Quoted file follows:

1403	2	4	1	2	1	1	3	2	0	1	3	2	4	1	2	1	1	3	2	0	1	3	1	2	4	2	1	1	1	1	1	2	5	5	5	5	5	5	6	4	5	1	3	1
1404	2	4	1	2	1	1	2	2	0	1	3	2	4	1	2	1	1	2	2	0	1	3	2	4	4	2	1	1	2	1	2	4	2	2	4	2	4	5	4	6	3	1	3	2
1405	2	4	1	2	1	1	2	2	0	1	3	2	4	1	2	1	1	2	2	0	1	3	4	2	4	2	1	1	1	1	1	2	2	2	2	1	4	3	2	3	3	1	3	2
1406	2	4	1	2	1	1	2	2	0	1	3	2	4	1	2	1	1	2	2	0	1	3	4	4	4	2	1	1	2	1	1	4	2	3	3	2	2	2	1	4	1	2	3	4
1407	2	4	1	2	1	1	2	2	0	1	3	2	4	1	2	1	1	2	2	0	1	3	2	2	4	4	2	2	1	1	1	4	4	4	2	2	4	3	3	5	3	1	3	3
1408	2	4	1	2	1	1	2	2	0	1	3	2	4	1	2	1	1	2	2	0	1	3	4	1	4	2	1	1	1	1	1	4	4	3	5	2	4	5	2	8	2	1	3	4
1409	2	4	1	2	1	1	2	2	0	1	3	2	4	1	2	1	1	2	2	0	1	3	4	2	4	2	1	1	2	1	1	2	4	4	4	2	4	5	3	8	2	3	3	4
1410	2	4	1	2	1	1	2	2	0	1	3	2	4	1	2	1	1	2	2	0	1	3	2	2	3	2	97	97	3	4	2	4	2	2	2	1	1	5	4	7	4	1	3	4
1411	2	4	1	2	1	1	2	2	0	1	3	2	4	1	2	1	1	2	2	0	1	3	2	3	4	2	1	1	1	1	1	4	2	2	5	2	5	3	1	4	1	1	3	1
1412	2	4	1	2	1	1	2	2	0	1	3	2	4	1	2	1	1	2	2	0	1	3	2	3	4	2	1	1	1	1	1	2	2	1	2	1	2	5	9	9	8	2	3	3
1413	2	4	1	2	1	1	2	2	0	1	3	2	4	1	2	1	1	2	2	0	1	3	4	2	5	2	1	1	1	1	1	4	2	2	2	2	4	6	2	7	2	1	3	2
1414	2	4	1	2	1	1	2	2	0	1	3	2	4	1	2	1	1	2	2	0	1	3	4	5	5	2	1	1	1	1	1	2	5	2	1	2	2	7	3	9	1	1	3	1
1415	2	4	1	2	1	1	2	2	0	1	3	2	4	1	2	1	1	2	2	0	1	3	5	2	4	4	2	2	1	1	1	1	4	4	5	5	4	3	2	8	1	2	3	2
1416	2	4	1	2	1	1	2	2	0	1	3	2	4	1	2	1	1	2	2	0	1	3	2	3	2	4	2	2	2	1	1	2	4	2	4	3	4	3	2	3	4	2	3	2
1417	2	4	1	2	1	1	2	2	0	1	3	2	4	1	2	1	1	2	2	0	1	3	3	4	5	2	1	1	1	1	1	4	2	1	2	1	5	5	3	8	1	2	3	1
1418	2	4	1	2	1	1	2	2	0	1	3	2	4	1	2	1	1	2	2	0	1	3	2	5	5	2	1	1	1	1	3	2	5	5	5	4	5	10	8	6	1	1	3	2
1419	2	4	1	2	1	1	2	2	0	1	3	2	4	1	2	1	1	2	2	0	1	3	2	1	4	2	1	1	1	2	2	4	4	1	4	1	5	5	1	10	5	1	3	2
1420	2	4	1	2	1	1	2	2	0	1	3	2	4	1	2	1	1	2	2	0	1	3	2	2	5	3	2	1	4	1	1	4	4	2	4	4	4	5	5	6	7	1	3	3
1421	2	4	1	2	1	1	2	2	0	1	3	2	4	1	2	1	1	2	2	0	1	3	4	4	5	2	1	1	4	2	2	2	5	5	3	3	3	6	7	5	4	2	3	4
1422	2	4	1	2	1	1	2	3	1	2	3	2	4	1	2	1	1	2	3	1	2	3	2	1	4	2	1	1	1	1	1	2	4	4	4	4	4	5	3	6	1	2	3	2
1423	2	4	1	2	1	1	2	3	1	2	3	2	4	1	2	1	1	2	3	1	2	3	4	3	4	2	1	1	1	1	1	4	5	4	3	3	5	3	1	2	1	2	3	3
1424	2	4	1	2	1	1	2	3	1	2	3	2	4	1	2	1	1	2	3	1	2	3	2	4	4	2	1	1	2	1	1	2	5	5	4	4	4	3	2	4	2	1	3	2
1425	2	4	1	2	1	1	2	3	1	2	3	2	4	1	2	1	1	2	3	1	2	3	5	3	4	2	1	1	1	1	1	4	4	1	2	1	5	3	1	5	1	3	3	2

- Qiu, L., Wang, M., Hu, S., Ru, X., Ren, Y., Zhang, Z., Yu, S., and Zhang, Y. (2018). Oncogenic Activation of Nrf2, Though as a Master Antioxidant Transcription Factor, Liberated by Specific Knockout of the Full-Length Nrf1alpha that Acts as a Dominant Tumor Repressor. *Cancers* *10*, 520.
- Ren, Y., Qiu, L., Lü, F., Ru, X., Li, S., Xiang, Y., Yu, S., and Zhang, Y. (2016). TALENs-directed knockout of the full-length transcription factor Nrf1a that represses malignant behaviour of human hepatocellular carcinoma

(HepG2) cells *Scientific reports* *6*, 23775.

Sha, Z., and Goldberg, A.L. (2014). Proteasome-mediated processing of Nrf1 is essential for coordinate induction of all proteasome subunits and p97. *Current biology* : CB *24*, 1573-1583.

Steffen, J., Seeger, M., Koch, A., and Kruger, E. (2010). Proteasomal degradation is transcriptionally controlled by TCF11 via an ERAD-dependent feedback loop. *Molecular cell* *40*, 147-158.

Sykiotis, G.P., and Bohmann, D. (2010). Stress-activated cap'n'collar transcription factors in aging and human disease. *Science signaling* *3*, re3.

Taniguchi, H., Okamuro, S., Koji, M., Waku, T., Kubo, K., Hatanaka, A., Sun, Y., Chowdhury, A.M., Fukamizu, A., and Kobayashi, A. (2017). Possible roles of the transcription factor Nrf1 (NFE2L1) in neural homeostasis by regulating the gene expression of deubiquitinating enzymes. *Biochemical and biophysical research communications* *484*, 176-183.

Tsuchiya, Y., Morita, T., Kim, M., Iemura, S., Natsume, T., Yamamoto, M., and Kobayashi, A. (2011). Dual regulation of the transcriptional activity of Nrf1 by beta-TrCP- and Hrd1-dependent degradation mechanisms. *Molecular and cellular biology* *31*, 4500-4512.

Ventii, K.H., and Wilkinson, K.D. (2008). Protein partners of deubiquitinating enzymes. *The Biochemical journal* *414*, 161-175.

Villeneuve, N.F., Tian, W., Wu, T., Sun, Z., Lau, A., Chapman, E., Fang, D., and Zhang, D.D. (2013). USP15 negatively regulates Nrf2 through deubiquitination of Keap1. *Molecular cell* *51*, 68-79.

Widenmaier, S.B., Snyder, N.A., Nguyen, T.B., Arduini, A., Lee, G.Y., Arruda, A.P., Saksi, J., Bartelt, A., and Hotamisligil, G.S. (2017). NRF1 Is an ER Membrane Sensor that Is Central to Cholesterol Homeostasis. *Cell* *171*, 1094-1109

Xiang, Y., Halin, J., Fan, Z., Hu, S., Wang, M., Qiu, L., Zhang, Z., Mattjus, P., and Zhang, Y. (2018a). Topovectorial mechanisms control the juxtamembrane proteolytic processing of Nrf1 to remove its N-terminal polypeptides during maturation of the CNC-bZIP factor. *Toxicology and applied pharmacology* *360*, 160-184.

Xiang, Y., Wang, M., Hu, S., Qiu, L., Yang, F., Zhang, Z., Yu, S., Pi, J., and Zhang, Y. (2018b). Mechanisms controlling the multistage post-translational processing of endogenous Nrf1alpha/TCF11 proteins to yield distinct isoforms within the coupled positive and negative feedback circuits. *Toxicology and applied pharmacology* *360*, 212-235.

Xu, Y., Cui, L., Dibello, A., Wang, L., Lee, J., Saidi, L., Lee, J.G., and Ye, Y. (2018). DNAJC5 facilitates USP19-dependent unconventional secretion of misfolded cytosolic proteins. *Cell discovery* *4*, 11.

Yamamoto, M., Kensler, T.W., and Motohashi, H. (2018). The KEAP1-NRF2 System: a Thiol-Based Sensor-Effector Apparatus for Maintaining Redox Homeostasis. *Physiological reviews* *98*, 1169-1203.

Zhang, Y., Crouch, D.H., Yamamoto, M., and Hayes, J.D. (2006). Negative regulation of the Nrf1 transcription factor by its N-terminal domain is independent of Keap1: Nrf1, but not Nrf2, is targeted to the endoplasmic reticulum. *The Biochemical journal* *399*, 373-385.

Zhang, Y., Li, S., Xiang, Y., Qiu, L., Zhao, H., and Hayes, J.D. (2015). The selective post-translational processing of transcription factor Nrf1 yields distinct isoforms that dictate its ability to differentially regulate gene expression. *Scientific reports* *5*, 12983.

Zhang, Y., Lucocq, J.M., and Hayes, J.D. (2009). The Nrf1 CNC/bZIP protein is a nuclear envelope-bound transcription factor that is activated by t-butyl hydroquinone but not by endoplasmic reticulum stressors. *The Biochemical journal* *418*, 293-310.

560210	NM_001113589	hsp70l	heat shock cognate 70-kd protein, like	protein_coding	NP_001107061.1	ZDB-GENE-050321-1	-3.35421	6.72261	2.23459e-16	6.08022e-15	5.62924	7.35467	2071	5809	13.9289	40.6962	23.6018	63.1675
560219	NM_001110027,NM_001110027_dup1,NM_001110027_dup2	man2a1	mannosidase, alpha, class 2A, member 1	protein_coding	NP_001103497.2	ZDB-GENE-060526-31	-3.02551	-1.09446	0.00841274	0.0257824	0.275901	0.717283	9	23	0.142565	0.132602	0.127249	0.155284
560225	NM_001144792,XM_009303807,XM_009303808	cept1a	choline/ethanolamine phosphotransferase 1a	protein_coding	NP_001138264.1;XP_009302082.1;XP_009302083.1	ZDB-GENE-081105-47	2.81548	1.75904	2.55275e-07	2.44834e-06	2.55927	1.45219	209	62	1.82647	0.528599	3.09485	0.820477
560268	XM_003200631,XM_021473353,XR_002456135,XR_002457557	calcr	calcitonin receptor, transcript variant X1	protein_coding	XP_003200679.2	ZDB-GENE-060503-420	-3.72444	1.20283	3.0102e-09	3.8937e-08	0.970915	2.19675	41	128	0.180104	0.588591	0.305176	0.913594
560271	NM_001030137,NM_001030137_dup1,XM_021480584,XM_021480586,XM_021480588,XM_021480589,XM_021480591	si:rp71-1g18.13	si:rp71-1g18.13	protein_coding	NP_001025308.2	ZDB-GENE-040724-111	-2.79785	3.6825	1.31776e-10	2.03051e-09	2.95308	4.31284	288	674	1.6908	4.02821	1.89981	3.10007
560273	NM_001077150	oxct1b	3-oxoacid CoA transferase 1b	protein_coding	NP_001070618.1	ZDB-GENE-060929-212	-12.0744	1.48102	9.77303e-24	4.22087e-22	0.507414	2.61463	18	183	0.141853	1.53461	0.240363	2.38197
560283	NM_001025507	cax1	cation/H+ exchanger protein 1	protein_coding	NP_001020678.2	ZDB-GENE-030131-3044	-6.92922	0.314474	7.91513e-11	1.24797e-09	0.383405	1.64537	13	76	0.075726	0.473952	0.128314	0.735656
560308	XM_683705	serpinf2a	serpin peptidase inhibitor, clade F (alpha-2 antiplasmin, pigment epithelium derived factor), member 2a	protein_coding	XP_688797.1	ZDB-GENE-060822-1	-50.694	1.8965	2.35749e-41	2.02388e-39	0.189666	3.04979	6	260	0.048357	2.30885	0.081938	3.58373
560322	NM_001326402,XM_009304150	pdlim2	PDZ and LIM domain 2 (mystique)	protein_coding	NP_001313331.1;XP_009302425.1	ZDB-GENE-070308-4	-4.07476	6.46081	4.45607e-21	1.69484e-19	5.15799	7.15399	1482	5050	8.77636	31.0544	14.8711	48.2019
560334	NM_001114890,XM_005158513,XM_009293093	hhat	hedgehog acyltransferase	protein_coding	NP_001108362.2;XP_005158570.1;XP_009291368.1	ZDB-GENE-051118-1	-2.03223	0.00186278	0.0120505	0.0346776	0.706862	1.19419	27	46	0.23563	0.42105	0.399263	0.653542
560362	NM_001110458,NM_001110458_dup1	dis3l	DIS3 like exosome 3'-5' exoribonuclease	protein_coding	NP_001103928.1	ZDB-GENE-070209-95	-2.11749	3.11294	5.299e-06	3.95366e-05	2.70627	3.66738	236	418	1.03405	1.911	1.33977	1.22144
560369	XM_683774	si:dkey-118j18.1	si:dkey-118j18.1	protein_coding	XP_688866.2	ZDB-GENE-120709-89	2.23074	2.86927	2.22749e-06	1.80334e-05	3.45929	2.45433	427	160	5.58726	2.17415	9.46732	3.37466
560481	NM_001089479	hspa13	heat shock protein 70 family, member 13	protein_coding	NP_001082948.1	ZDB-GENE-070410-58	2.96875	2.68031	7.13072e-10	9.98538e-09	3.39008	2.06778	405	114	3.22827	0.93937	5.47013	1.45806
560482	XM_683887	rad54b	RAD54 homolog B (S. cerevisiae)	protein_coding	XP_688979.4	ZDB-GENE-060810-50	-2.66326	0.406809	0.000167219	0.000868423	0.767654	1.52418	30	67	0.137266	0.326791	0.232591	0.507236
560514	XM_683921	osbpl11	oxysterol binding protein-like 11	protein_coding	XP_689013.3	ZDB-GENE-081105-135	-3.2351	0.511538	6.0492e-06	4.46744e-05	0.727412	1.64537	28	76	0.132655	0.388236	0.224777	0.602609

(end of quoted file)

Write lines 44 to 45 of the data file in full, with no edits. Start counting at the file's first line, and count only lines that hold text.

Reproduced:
560225	NM_001144792,XM_009303807,XM_009303808	cept1a	choline/ethanolamine phosphotransferase 1a	protein_coding	NP_001138264.1;XP_009302082.1;XP_009302083.1	ZDB-GENE-081105-47	2.81548	1.75904	2.55275e-07	2.44834e-06	2.55927	1.45219	209	62	1.82647	0.528599	3.09485	0.820477
560268	XM_003200631,XM_021473353,XR_002456135,XR_002457557	calcr	calcitonin receptor, transcript variant X1	protein_coding	XP_003200679.2	ZDB-GENE-060503-420	-3.72444	1.20283	3.0102e-09	3.8937e-08	0.970915	2.19675	41	128	0.180104	0.588591	0.305176	0.913594